Given in response to Matthew 5: 21-37.
Thank you to Helen for that New Testament reading. This one’s a real doozy. That’s the scholarly term. Helen asked if I was in the habit of preaching the lectionary and I said, “yes, I preach the lectionary.” I should’ve checked the contents first.
First of all I need to point out, it would be irresponsible if I failed to point out, that under no circumstances should you actually pluck your eye out. That would be crazy. And normally I try avoid making definite statements about much of anything, but I can also advise that you shouldn’t cut of your right hand, either. You learn these sorts of things when you’ve been in seminary for almost 3 years.
Alright. Probably the most honest way to deal with a text like this one is to acknowledge that if anyone else besides Jesus had said this stuff then we wouldn’t feel any need to seriously consider it. But because it’s Jesus and because Jesus is somewhat important to the Christian tradition we feel compelled to offer up some type of explanation. Sometimes what happens is that Jesus has his heart in the right place but then he goes a bit overboard. That seems to be what’s happening here. He’s trying to make a point so he exaggerates. Sometimes a parent will say something like, “if you don’t clean your room by tonight you’ll be grounded until you’re 18.” And they’re saying it to an 11 year old so generally the assumption is that they’re exaggerating a bit. But the point is they’re really serious about it. That’s one way you might try to understand what Jesus is up to in passages like these. He’s not being literal so much as he’s trying to raise the stakes.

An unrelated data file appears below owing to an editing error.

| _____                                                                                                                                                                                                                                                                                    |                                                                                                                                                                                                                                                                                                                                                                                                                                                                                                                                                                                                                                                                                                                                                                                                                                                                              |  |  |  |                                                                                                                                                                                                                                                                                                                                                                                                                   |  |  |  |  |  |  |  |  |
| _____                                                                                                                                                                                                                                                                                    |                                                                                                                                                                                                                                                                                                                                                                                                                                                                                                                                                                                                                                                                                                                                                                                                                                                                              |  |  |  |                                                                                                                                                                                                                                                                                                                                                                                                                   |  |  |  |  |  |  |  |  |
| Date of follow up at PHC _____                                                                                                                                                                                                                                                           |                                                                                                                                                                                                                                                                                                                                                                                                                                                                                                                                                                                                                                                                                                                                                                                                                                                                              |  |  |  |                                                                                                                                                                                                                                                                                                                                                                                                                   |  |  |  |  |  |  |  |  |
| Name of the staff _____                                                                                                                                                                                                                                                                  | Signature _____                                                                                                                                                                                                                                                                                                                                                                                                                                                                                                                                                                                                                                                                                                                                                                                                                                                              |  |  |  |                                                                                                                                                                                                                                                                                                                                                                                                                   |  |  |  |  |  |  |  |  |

And of course most of this sounds pretty unrealistic. For example, Jesus says Everyone knows its wrong to commit adultery, but now I’m saying don’t even think about it. Trouble is, you don’t always choose your thoughts. We sometimes say things like “it occurred to me…” or “it happened to cross my mind…” And what both both phrases indicate is that the thought presented itself, it’s not as if you willingly chose to conjure it up in your mind’s eye. What’s probably more practical than saying don’t even think about it is the advice I often get while meditating. They’ll say, “if a thought occurs to you then you should acknowledge the thought but don’t grasp onto it. Acknowledge it but don’t judge it or mull it over, just let it go.” Well, Jesus says don’t even think about it, so he’s not terribly practical here but he is setting the bar pretty high.